Do We Still Need Firewalls?

In short, yes - now more than ever. There has never been a greater or more deliberate threat to information and communication systems

New technologies developed and adopted as a means for defence by vulnerable organisations have been repurposed for nefarious activities by malicious actors.

More widespread public adoption of technology has increased attack surfaces and consequently the requirement for an efficient security solution. The question isn't "whether to Firewall our environments", but rather how, says Brookcourt Solutions, as it explains below.

The term 'Firewall' has come to mean different things to different people. The traditional view of a perimeter guard is now outdated, but, rather than deem the role obsolete, the technology industry has retained it as a verb, to 'Firewall' one's environment.

A Firewall (in its simplest form) was originally an appliance sitting on a perimeter like a gateway, determining what to let into the network. This worked well for simple and flat environments. An organisation may have had a network, accessed only by its own assets (either the people or other internal systems). Traffic would flow freely inside with inspection taking place on ingress or egress.

Many of these Firewalls were 'Stateless', meaning that they used packet filtering rules to determine permissible traffic. If match conditions were met, the stateless firewall would allow the packet to enter the network; otherwise, the packet will be blocked and access denied.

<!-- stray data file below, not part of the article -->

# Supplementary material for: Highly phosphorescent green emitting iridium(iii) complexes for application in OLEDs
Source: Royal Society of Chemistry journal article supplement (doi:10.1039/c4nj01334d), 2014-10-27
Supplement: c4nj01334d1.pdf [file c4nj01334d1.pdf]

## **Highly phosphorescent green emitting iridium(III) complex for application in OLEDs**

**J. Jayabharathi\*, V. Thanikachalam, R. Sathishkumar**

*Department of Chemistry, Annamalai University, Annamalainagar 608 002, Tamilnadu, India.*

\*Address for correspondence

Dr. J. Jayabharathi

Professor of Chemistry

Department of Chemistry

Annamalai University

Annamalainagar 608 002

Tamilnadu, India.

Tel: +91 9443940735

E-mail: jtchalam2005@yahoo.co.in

But then it all got a little bit more complicated…

The Present Day Network security systems today must exist in several different states. As networks have grown more complex, so, too, has the job of the Firewall. With modern business practices, personnel and organisations need to access a network from various means and locations, even perhaps the mythical 'cloud'. Users may need to collaborate with entities outside of their network, but still receive the same level of protection. Market leaders like Cisco, Fortinet, Sophos etc refer to this as the evolution from perimeter to many micro-perimeters.

Firewalls must meet strict requirements:

IDENTIFY - Identify applications, not ports. Classify traffic as soon as it hits the firewall to determine the application identity, irrespective of protocol, encryption or evasive tactic. Then use that identity as a basis for all security policies.
CONNECT - Tie application usage to user identity, not IP address, regardless of location or device. Employ user and group information from enterprise directories and other user stores to deploy consistent enablement policies for all your users, regardless of location or device.
PROTECT - Protect against all threats - both known and unknown. Prevent known vulnerability, exploits, malware, spyware, malicious URLs while analysing traffic for, and automatically delivering, protection against highly targeted and previously unknown malware.
MANAGE - Simplify policy management. Safely enable applications and reduce administrative efforts with easy-to-use graphical tools, a unified policy editor, templates and device groups.

To achieve these requirements, there has been a move away from 'Stateless' towards 'stateful'. Now the data itself is interrogated to determine whether it may be trusted and allowed to access the network. This might involve trying to identify a 'signature' previously associated with malicious activity or similarities to previous transmissions. Naturally, Stateful sounds like an upgrade to Stateless, but with greater capability comes an increased demand in performance and possible latency issues, depending on the situation.

Cloud Access Security Broker or Secure Access Service Edge